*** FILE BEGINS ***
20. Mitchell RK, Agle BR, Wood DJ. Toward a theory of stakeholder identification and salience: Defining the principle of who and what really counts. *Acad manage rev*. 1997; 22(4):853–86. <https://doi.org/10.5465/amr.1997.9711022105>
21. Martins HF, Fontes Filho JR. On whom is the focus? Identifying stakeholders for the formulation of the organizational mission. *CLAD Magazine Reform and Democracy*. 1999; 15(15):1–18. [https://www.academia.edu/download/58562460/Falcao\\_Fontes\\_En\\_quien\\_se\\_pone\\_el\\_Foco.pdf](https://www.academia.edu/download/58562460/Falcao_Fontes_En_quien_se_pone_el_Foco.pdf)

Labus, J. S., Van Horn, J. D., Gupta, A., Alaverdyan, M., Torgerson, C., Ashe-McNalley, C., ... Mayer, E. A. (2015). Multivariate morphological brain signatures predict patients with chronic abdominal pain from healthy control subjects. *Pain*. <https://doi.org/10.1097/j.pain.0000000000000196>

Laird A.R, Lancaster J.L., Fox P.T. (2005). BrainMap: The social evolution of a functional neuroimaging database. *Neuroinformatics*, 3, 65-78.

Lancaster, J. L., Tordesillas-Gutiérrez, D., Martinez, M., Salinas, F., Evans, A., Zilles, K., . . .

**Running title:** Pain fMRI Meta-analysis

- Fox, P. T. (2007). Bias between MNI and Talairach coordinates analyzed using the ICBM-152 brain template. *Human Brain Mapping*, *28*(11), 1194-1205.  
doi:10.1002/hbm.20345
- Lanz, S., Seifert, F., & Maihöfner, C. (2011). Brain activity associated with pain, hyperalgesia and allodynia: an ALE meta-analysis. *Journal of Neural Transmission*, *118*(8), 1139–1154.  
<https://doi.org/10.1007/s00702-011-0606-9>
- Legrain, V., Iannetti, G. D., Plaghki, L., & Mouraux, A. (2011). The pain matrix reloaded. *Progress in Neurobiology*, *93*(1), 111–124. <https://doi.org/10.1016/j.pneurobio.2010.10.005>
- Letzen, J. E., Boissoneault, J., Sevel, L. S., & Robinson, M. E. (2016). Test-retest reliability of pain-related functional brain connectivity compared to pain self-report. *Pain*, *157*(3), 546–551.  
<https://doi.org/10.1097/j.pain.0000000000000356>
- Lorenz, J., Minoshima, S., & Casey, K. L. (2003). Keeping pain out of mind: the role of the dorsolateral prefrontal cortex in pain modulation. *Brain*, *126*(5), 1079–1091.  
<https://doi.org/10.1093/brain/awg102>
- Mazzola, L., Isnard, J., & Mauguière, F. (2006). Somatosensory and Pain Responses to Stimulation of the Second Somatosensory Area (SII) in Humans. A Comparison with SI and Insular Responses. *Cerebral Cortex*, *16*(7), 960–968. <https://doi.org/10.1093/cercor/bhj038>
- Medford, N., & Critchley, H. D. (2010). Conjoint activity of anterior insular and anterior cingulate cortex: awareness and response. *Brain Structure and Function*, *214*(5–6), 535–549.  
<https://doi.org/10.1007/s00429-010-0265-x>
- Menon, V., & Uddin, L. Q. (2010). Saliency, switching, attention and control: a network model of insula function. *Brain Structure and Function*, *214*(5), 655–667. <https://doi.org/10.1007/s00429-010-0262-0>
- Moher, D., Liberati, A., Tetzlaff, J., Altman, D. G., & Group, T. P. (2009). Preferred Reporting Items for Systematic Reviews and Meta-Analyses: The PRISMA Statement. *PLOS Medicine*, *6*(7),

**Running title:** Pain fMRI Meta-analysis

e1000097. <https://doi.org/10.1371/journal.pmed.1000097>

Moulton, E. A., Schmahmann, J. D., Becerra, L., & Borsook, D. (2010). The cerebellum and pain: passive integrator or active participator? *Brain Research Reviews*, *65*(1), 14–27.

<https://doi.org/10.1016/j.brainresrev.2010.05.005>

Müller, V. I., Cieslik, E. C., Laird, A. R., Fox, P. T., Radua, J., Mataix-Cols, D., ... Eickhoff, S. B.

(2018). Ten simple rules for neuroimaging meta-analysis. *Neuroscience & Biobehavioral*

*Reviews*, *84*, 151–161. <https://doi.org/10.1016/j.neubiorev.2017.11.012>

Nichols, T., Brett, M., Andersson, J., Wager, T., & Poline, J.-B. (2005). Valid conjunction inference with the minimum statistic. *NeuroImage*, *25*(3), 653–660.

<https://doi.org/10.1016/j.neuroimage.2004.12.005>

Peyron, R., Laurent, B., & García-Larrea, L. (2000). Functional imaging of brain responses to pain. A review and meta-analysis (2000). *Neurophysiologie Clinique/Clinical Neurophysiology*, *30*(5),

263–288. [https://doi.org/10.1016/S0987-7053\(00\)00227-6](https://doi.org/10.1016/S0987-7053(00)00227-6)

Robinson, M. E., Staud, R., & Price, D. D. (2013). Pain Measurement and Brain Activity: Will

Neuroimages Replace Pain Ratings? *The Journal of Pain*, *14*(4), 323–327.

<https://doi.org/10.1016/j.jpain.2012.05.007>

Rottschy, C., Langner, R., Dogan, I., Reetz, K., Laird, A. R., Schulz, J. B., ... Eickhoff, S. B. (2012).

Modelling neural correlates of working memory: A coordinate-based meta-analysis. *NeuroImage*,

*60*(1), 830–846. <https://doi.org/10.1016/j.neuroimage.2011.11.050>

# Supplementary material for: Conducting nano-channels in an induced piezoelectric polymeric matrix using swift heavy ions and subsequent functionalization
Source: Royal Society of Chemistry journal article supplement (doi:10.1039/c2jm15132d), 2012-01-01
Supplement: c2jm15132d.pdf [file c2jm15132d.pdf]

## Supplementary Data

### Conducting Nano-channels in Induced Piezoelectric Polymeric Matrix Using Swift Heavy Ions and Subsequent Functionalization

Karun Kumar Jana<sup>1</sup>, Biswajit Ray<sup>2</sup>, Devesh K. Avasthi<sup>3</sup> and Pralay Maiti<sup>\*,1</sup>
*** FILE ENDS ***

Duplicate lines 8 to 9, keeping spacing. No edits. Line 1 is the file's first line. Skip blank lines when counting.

doi:10.1002/hbm.20345
- Lanz, S., Seifert, F., & Maihöfner, C. (2011). Brain activity associated with pain, hyperalgesia and allodynia: an ALE meta-analysis. *Journal of Neural Transmission*, *118*(8), 1139–1154.  